WORDS LIM TECK CHOON
Tuberculosis, often abbreviated as TB, has been around for a long time. In fact, it was known as “consumption” back in the 1800s.
Perhaps this is what many of us rarely spare this disease a thought unlike, say, dengue and COVID-19.
WHAT CAUSES TUBERCULOSIS
It is caused by the bacteria Mycobacterium tuberculosis.
TUBERCULOSIS CAN ATTACK DIFFERENT PARTS OF THE BODY
“It can attack different parts of the body, with the lungs–referred to as pulmonary tuberculosis– being the most common,” says Professor Dr James Koh Kwee Choy,
These different parts of the body include the lymph nodes and bones (usually the spine), in rare cases in the gut. The bacteria can also attack the brains of people with suppressed immune system, such as those living with HIV. Such cases of tuberculosis are called extrapulmonary tuberculosis (EPTB for short).
WHO IS AT RISK OF CATCHING THIS DISEASE?
According to Prof James, the most susceptible groups of people are:
- The elderly
- People with lowered immunity, including young children whose immune system is still developing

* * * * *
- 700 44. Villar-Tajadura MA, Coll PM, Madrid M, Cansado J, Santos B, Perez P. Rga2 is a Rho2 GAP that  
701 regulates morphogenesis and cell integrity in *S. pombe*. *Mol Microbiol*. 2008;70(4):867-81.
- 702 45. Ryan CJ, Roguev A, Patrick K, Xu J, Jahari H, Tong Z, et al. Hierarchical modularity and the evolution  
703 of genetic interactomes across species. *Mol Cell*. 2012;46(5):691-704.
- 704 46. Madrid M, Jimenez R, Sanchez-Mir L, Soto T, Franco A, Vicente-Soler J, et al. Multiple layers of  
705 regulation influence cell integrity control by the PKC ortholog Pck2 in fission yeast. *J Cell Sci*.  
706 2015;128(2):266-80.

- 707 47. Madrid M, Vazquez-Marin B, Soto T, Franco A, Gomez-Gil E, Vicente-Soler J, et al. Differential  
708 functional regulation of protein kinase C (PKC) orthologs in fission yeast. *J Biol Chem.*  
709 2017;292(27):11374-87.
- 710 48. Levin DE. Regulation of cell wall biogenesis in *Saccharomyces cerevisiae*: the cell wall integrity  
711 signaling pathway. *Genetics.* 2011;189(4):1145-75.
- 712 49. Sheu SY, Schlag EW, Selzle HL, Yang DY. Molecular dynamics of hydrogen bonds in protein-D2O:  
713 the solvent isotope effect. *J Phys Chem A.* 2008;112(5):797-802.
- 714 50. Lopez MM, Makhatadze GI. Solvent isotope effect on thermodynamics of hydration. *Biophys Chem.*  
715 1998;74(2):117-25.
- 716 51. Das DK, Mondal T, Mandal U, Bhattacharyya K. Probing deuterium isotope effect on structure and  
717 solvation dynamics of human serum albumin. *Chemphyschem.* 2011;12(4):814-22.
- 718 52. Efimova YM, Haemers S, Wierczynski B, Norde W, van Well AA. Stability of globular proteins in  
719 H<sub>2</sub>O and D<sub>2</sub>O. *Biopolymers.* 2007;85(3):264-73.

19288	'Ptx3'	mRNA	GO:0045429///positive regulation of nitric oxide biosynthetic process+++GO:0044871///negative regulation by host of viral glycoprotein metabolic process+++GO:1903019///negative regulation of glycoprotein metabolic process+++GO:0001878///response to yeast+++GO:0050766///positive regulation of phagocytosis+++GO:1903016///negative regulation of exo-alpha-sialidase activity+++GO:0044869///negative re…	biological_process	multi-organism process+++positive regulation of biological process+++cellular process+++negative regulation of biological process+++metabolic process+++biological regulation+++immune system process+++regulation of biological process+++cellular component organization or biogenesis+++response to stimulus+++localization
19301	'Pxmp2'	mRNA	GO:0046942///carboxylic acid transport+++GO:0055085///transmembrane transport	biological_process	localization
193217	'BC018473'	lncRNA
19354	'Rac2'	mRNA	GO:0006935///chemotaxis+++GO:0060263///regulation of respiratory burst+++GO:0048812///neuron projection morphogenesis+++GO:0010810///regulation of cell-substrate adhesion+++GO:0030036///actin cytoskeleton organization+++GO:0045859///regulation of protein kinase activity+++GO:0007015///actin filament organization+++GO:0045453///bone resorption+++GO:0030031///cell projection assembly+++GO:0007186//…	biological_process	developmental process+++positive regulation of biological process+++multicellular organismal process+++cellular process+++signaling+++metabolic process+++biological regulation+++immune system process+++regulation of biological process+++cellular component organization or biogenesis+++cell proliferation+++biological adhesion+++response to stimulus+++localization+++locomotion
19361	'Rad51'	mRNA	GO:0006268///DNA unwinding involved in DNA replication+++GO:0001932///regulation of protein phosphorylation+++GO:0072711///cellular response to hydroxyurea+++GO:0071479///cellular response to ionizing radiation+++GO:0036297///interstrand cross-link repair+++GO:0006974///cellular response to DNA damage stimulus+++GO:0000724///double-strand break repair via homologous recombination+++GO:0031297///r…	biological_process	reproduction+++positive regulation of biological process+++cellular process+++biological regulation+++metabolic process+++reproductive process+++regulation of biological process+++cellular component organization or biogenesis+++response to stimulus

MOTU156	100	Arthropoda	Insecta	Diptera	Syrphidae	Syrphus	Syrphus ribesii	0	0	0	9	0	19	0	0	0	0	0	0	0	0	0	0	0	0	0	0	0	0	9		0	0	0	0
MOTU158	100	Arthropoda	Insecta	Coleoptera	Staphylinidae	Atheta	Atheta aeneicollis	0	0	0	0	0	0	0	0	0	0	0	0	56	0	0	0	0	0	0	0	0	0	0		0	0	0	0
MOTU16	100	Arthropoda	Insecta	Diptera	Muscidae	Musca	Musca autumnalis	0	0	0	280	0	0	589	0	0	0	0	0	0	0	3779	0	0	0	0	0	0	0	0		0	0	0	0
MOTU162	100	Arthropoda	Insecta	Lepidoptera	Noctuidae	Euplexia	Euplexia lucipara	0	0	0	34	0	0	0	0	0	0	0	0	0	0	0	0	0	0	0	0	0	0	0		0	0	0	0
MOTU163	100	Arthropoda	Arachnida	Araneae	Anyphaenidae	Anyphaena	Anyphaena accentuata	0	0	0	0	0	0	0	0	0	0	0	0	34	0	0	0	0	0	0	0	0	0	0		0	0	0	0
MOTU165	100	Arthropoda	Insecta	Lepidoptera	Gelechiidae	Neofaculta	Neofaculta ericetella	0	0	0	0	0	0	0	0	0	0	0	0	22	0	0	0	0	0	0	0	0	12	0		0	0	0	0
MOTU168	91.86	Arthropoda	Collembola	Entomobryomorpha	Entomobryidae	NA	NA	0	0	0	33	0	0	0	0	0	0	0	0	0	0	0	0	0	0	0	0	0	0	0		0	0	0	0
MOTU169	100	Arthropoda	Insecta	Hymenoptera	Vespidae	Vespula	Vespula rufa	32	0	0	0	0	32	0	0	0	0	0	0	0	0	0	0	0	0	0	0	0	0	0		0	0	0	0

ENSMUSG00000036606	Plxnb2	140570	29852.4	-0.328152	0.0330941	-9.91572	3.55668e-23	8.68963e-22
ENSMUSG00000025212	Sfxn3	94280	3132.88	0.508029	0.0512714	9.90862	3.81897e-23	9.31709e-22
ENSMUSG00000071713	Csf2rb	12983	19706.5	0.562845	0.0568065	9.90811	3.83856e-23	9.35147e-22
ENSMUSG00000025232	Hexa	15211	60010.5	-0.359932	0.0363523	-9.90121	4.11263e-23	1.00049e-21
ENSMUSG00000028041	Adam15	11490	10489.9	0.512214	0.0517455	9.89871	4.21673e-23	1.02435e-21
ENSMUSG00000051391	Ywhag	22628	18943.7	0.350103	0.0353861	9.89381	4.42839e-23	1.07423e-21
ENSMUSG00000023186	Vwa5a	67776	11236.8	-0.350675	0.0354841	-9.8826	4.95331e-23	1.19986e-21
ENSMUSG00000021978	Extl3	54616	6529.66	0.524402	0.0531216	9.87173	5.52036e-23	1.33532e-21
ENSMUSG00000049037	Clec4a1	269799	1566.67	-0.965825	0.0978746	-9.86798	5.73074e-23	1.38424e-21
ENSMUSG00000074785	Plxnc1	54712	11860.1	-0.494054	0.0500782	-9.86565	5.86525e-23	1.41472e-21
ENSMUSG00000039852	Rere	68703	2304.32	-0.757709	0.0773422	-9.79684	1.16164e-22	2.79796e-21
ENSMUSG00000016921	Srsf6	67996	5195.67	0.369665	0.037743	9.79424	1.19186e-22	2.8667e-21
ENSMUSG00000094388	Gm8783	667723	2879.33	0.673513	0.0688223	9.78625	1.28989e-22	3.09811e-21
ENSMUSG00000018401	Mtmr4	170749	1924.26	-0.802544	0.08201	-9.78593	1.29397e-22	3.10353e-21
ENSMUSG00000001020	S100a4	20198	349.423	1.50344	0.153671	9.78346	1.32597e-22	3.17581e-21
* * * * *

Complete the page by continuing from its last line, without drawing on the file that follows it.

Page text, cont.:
- People with suppressed immune system, such as those on chronic steroid therapy and people living with HIV
- People living in overcrowded living spaces, such as the poor and migrant workers, as this close proximity makes it easy for the bacteria to be passed on from person to person
HOW EASILY DOES TUBERCULOSIS SPREAD?
Similarly to all respiratory diseases, it is spread by water droplets that come from coughing or spitting.
However, the bacteria responsible for this disease need to be in significant amount in water droplets for the disease to spread.
“You have to be in quite close contact and in a situation where there’s prolonged exposure. Generally, more than eight hours a day,” says Prof James.
It is also worth noting that the bacteria can become dormant in the body of the host, and someone with dormant bacteria will not pass the bacteria on to others.
Similarly, people with only extrapulmonary tuberculosis—the infection doesn’t affect their lungs—will not spread the bacteria to other people.